Still, Michigan has it's work cut out for it as the four seeds have historically had tough sledding in the NCAA Tournament.  I do take some comfort in the words of my old Econ professor who liked to remind his class that, "past performance is no guarantee of future earnings".  Here's to a deep, entertaining, and trend-bucking tournament run from the 2013 Wolverines.  Go Blue!

Comments

Blue Durham

March 18th, 2013 at 3:39 PM ^

Not sure I understand your last chart.

Since 1985, there have been 28 NCAA tournaments, thus 28 champions.  Your chart of 1-4 seeds shows 21 champions, implying that there have been 7 champions of seeds 5 or lower, almost as many as 2, 3, and 4 seeds combined. 

If that is right, it would seem like it would be better to be a lower 6 or 7 seed than a 4 seed, which seems to contradict what you say about fortunes falling precipitously after the 4 seed.

Blue Durham

March 18th, 2013 at 4:01 PM ^

Yeah, I just looked it up.  Villanova (1985) was an 8, and Kansas (1988) was a 6.  By my count, there have been 17 #1-seeds that have been champions, 4 2-seeds, 4 3-seeds, 1 4-seed and 2 seeds lower than 4 since 1985.  That totals 28 champions - which adds up for the number of years.

yigit

March 18th, 2013 at 8:31 PM ^

I think the good news is that we've had more unlucky breaks than lucky breaks this year.  A free throw or 1 inch swing on the last shot against Indiana and no half court bomb against Wisconsin and we are a 2 seed.  I know being young hurts, but young players are also streaky.  Maybe Nik and GR3 and Mitch will get that confidence that you only get when you're too naive to know better.

BlueNote

March 19th, 2013 at 3:06 PM ^

If I were to extrapolate from your chart, does that mean Michigan has a 2.5% chance of getting to the final four and a 1% chance of winning it all?

saveferris

March 19th, 2013 at 4:17 PM ^

I would direct you to the last paragraph of the column and suggest that the chart can't be extrapolated in that way.  What I think you can glean from those numbers is that as you are seeding teams from 1-64, the amount of uncertainty of relative strength increases the further you get away from the top, which is why when we get to the bottom half/quarter of the top 16 we see win totals start to tail off and earlier upsets happening with more frequency.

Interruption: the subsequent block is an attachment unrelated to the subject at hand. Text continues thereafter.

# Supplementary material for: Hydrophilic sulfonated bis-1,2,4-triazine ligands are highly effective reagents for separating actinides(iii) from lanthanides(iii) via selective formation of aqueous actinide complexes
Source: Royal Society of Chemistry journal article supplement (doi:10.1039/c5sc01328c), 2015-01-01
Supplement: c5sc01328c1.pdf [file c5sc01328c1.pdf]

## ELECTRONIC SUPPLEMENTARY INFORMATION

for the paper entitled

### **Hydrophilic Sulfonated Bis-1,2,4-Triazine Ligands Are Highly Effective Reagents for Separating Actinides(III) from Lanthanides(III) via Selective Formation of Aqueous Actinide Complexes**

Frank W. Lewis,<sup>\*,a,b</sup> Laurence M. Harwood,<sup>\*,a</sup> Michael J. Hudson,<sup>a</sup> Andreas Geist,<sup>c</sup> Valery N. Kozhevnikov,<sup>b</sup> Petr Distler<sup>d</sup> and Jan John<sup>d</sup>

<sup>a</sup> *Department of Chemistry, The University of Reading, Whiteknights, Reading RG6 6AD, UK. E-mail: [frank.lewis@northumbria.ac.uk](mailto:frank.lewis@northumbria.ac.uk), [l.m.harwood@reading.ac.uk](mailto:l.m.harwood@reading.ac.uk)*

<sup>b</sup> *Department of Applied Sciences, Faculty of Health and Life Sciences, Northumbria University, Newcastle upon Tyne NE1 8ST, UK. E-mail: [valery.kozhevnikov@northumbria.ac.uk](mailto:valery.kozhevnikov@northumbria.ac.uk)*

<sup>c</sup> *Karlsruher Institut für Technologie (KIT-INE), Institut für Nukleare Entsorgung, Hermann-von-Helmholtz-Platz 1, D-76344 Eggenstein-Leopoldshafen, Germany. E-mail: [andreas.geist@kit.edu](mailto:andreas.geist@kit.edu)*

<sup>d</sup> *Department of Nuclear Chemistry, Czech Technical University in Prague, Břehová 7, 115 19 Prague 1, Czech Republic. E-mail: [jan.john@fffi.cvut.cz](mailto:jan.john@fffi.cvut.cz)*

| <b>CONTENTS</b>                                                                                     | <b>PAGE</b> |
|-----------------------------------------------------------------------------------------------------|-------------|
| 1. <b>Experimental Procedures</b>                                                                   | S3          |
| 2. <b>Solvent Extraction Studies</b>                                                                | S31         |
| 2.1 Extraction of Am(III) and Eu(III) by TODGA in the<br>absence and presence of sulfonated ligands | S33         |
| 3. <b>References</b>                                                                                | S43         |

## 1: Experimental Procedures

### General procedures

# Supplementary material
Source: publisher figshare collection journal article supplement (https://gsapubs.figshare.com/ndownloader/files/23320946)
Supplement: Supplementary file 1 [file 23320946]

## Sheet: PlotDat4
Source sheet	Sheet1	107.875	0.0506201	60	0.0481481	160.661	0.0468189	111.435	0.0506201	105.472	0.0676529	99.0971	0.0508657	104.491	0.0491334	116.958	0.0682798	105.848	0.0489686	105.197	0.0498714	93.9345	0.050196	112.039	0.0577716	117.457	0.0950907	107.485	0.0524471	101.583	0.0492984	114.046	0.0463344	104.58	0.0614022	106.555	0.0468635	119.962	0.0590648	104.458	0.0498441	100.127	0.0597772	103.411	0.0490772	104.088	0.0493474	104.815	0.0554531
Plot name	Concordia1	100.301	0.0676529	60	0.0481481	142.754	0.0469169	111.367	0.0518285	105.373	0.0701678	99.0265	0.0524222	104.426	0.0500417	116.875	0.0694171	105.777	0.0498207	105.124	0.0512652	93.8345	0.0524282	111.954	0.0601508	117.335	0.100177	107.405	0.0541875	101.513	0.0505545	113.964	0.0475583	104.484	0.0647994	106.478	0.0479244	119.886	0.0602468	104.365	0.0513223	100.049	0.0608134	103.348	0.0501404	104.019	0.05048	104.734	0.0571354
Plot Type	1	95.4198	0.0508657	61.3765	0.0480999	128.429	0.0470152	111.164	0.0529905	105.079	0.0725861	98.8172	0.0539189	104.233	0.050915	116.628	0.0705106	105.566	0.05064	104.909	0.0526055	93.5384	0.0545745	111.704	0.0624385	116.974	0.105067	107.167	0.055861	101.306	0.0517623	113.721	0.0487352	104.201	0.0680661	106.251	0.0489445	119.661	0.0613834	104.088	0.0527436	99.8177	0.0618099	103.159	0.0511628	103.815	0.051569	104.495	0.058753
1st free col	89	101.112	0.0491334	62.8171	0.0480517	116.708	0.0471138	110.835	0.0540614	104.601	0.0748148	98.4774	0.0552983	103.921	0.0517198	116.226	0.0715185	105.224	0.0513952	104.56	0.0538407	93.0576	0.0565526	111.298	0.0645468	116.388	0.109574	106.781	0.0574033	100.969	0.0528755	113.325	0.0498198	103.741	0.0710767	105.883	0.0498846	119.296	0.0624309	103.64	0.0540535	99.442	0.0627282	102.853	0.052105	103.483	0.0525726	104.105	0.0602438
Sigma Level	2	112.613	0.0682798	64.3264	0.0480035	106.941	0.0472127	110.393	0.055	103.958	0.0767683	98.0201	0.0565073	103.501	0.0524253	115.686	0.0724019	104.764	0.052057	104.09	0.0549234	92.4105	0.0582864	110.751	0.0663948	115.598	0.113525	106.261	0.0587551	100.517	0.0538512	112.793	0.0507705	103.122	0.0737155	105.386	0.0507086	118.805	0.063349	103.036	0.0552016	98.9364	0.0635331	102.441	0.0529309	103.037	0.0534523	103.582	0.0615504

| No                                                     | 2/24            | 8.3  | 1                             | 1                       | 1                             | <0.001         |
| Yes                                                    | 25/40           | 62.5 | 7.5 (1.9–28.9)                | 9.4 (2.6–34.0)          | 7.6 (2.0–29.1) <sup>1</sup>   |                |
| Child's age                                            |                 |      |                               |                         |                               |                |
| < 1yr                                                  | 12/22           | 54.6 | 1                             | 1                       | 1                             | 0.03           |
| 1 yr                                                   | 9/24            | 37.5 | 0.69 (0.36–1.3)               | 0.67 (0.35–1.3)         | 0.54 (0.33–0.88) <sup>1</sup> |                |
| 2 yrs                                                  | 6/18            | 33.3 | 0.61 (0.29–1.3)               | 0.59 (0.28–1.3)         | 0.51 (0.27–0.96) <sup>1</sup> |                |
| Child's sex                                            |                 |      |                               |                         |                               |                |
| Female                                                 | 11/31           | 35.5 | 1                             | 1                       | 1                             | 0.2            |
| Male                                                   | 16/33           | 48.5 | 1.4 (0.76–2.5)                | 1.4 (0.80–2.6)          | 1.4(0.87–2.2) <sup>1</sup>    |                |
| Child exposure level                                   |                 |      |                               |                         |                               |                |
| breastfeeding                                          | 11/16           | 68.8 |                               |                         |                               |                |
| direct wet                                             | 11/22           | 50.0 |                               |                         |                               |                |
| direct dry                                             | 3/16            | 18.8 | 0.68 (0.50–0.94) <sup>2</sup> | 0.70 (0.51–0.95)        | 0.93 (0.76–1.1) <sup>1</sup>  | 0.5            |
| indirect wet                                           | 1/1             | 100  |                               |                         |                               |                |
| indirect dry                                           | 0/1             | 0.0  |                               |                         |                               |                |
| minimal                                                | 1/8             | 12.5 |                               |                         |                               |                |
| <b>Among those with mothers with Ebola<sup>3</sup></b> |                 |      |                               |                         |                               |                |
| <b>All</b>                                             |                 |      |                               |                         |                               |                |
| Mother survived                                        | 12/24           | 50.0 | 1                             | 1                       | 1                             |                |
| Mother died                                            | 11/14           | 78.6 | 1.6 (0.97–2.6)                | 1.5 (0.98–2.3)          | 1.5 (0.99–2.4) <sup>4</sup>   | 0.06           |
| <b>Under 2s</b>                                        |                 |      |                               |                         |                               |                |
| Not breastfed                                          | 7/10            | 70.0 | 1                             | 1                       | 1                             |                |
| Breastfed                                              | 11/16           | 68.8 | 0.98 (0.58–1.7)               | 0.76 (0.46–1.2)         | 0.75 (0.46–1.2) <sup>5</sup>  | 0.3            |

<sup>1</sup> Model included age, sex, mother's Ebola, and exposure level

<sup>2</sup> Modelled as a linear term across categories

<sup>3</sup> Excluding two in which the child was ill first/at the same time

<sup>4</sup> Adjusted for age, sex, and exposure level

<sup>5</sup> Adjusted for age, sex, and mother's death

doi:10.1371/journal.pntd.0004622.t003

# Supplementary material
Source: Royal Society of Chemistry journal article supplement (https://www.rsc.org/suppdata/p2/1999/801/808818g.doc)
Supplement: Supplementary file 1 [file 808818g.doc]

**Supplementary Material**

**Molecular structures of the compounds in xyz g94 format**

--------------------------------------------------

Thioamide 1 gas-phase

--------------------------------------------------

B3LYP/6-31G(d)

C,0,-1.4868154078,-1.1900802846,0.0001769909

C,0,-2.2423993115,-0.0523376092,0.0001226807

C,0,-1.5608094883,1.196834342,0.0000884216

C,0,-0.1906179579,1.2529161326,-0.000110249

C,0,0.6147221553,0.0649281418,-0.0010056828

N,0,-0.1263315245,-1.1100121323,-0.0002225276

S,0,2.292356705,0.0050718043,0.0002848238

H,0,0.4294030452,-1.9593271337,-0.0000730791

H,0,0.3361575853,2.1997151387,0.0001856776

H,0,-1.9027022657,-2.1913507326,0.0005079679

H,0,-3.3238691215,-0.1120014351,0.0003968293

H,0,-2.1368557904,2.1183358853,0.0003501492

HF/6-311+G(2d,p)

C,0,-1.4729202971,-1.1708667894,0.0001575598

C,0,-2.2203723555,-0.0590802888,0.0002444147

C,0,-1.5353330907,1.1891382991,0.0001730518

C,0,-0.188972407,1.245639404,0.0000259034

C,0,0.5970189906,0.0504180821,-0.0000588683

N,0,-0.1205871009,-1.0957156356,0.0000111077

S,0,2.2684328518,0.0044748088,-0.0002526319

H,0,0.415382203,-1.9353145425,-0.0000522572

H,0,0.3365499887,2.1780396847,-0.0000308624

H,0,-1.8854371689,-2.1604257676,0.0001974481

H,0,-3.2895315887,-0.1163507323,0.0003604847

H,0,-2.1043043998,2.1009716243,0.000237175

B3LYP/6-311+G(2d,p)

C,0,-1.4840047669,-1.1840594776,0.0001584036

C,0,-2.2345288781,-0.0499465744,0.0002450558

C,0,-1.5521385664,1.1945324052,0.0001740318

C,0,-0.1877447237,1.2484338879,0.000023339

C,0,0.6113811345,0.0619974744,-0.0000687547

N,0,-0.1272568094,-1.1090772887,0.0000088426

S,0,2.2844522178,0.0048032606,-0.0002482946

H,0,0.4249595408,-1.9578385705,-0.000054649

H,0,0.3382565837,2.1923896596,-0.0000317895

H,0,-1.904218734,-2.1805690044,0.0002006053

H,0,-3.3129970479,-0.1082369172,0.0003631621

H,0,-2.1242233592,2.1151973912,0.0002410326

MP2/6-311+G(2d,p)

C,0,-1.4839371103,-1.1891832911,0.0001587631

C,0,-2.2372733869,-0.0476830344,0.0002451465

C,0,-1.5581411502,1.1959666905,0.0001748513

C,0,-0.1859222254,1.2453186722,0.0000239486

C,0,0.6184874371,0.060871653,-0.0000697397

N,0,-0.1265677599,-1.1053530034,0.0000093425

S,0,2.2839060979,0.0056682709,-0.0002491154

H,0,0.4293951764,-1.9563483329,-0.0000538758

What this doesn't take into account is relative strength from tournament to tournament.  If you want to maximize your chances of winning a National Championship, then try to get a one seed and then actually be one seed material.  Since not all one seeds are created equal, some years you see lots of fluctuation in which seeds advance and others it's pretty much chalk. 

The encouraging part for Michigan this season is that I think this tournament field definately seems to be more level than others, so this year being a 4 seed playing against a 1 seed Kansas may not be as daunting as that match-up in tournaments prior.  I foresee a lot of chaos in how this years tourney plays out.

Blue Durham

March 19th, 2013 at 5:15 PM ^

If I am doing my math correctly, I think you're half right.

There are 28 years and 4 of each seeds, so there are a total of 112 4-seeds in those years.  1 of those 4-seeds won the tournament, so 1/112, or a little less than 1% of all of the 4-seeds won the championship.

For the final 4, 11 of the the 112 4-seeds made it, so that would be 11/112, or 10% chance.  And yeah, I would probably put Michigan's chances at around that.

funkywolve

March 21st, 2013 at 10:24 AM ^

I agree that the path for a #1 or #2 seed is much more conducive for more advancing.  Although with the parity and balance in college bball now it might not be as conducive as it was 10, 15, 20 yrs ago.  Assuming you're the ncaa has done a decent job seeding, if you're a 4 seed playing a 5 seed in the second round, you're matched up with a team that is relatively your equal.